The aqueous still bottoms from the rectifying column contain some proteins and other nutrients and are preferably recycled through line 28 to mild hydrolysis unit 12 or intense hydrolysis unit 16 to satisfy part of the water requirements of the starch conversion process herein. Optionally, the still bottoms may be routed through line 28a to evaporator 34 before being recycled via lines 28b and/or 28c for further hydrolysis. While such recycle minimizes the use of water in the overall production sequence from starch to anhydrous ethanol, it has the added advantage of retaining nutrients in the system, which can be utilized by yeast used in the fermentation of the sugar to ethanol. Moreover, hydrolyzable and fermentable carbohydrates normally discarded are retained in the system thus increasing the overall alcohol yield and process efficiency. Alternatively, the still bottoms in line 28 can be subjected to a drying operation with the residue therefrom being employed as an animal feed or feed supplement. The concentrated ethanol is conveyed through line 29 to anhydrous column 30 wherein azeotropic distillation to provide substantially water-free ethanol is carried out.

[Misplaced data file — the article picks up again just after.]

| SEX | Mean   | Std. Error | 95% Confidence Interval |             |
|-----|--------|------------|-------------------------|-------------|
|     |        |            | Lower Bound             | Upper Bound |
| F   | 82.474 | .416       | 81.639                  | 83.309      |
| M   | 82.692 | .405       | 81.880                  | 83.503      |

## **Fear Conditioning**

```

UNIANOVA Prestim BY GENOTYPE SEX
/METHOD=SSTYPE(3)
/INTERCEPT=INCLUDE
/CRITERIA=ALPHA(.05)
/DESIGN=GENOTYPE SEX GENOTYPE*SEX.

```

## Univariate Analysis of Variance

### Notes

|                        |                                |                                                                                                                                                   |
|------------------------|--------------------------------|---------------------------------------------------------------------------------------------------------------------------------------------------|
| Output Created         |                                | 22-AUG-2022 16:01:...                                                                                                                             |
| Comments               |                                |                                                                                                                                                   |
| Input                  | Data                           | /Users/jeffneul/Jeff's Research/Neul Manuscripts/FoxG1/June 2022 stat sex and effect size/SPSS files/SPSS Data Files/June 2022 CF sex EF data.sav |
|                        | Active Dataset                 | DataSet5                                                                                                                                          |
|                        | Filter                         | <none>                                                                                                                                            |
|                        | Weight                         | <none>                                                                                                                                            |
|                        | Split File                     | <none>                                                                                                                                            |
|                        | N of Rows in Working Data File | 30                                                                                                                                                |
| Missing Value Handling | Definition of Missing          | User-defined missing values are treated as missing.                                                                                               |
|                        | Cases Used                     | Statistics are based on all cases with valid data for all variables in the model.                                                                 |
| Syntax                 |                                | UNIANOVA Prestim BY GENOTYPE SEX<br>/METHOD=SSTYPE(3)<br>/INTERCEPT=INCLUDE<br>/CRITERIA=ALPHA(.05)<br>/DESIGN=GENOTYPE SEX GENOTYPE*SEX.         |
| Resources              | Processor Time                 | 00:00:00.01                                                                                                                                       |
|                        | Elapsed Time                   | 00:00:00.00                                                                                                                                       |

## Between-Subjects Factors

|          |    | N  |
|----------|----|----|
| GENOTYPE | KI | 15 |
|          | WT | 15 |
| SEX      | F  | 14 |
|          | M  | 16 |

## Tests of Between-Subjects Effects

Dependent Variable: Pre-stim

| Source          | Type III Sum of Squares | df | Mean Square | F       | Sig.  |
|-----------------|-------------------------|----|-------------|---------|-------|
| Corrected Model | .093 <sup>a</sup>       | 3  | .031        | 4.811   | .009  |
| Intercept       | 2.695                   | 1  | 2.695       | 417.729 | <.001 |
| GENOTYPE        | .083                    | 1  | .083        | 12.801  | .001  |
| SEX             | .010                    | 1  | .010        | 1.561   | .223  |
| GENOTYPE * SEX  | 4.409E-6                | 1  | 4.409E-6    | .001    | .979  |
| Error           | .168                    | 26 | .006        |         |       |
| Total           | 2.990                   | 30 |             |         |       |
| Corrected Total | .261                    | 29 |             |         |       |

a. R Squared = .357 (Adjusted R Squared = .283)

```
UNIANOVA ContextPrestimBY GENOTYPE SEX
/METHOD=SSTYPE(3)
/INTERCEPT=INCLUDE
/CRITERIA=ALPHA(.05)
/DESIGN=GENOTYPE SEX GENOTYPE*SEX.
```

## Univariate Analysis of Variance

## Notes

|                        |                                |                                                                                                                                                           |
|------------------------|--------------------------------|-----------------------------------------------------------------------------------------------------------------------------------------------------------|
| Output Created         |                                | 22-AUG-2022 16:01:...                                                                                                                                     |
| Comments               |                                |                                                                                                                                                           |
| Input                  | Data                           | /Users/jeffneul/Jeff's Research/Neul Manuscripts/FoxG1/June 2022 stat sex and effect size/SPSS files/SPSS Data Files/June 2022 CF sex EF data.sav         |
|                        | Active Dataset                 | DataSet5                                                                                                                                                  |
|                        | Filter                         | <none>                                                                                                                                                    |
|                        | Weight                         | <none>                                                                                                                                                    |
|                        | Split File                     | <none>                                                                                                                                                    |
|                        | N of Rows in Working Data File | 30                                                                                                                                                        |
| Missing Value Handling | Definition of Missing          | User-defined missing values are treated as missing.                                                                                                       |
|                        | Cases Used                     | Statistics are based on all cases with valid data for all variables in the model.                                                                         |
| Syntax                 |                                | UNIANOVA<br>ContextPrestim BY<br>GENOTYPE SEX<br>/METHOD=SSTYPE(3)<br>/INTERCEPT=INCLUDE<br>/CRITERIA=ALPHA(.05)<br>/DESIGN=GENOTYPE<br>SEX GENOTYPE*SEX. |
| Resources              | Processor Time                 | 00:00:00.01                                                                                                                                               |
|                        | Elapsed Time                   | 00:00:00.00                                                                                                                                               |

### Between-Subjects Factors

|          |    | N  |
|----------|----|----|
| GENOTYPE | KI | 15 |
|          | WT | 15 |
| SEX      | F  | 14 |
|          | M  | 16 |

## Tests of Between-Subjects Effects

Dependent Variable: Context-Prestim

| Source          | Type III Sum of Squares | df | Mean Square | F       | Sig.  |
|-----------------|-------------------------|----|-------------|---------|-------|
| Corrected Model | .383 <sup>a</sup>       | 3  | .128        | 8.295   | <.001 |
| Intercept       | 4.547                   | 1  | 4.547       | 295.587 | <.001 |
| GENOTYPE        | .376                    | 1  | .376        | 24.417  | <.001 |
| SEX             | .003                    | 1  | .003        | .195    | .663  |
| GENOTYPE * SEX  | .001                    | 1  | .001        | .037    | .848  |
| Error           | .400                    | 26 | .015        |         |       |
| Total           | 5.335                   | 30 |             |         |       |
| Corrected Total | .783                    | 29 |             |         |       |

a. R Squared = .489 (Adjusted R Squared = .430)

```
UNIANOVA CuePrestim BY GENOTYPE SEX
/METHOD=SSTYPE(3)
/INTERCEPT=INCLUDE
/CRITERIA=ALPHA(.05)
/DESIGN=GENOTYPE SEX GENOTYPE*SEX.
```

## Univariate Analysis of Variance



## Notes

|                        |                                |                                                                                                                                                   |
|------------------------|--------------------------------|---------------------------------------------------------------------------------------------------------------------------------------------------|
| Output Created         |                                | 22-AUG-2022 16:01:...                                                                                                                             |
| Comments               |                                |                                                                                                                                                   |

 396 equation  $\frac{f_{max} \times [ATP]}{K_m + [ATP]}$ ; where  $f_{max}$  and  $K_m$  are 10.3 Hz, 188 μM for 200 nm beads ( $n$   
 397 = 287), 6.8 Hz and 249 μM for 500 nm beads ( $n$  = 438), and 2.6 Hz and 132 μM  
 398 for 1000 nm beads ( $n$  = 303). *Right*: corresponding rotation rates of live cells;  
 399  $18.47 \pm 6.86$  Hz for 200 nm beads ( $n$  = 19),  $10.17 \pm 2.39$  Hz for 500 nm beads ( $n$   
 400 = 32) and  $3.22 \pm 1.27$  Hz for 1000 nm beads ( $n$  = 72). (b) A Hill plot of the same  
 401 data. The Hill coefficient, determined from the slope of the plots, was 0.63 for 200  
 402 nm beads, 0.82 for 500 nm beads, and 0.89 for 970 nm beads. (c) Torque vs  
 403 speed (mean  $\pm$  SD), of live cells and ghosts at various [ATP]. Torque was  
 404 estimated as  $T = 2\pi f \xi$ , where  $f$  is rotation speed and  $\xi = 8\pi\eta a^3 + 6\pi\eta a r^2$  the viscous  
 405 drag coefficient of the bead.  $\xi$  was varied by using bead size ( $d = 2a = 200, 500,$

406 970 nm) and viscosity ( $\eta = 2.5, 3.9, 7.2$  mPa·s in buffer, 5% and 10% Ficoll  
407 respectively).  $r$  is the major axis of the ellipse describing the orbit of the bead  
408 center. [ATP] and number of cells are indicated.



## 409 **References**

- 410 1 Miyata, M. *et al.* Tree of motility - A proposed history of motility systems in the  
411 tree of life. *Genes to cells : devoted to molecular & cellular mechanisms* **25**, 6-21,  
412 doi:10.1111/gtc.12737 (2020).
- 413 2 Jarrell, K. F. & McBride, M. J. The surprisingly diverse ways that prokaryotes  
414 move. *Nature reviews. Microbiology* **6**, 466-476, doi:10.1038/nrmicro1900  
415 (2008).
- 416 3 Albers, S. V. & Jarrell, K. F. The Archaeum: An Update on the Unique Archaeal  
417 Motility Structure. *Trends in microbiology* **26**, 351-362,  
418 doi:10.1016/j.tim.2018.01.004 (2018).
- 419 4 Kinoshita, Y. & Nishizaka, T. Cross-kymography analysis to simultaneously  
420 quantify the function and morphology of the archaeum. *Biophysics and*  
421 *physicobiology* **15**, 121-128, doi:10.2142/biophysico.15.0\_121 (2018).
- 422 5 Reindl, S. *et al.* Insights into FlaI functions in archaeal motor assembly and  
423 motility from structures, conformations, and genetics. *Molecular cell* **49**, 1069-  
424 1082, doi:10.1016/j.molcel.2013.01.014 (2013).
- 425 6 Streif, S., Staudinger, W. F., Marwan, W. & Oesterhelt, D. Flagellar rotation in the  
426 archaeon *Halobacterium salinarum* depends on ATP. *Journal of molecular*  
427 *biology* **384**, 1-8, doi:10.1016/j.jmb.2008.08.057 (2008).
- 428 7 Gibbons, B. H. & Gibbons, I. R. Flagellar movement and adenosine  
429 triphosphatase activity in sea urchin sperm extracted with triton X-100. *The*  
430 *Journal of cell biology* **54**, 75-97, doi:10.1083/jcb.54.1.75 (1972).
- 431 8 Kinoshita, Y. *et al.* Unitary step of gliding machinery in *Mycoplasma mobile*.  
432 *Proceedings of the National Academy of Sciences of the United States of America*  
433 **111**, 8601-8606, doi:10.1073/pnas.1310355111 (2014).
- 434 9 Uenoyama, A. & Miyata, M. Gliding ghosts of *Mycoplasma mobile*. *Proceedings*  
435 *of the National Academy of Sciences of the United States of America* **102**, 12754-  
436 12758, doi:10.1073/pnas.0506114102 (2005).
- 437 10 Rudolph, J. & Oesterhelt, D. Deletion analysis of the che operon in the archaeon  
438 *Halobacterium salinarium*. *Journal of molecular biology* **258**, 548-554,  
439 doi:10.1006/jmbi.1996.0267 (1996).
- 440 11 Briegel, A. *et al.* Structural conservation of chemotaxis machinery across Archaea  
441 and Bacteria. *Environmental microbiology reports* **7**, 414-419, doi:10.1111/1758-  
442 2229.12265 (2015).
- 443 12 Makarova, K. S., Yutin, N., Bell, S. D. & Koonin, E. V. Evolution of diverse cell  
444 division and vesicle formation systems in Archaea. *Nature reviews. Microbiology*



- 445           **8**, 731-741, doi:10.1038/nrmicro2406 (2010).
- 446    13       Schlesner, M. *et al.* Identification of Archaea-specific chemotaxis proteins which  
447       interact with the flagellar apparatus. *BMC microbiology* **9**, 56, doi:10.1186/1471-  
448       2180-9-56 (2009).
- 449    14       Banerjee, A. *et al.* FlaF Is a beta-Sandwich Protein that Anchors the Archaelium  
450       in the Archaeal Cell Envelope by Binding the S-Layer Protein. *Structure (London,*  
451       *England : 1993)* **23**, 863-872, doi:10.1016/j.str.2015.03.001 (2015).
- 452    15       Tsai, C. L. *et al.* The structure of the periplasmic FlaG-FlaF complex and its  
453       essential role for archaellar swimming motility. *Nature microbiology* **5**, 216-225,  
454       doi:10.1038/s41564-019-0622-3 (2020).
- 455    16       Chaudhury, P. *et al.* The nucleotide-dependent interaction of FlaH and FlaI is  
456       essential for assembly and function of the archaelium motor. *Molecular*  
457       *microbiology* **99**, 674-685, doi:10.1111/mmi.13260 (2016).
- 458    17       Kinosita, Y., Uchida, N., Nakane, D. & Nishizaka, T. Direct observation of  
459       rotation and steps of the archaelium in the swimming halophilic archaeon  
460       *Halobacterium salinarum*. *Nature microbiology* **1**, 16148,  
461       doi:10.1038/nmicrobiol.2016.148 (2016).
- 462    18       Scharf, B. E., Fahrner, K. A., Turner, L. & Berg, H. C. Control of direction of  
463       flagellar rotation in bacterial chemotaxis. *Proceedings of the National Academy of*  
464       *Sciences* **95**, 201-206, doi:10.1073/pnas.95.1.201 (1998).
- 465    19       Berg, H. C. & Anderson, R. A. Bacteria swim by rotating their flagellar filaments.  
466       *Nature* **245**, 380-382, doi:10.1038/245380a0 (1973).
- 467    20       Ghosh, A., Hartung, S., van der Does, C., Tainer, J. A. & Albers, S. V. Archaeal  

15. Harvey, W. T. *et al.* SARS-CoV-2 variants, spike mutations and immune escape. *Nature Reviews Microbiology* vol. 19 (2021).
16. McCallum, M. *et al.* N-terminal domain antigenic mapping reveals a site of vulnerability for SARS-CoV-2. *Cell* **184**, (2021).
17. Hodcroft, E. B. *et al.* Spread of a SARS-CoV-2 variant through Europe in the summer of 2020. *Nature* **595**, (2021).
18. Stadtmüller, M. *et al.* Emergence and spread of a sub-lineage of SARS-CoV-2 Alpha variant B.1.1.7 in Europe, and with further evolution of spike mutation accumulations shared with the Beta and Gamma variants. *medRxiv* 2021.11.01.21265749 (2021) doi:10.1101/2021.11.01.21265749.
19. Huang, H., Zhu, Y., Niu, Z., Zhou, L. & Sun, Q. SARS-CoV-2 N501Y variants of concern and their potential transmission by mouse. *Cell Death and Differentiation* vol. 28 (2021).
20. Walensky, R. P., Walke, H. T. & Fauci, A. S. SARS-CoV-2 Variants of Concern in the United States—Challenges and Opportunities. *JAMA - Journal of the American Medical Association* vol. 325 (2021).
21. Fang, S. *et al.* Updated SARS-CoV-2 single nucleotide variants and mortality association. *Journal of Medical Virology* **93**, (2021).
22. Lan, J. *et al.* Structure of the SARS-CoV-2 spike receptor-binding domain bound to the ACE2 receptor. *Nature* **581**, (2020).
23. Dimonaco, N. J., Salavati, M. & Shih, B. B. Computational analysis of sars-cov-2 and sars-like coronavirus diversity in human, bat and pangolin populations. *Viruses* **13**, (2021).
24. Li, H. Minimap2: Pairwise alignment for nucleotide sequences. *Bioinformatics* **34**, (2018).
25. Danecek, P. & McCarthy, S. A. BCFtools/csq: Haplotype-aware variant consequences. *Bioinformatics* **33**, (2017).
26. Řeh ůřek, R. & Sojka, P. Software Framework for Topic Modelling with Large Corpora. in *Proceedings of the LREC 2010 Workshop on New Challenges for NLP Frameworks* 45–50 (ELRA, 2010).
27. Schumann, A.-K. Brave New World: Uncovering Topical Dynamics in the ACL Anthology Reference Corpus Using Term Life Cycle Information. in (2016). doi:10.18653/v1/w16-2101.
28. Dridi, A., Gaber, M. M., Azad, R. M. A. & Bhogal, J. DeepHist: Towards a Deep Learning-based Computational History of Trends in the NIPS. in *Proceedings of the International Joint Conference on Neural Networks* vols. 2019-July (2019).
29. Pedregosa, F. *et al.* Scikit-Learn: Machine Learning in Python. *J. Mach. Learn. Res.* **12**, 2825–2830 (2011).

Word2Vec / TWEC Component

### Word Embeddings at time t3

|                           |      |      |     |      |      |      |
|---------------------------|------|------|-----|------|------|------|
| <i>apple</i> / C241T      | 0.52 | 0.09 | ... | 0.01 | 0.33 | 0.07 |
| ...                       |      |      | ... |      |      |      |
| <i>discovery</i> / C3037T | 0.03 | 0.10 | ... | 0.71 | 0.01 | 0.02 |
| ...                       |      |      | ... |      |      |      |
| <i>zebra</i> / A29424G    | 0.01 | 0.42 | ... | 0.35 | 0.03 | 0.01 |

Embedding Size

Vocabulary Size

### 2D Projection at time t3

A typical material balance for the foregoing process carried out per bushel of corn is as follows: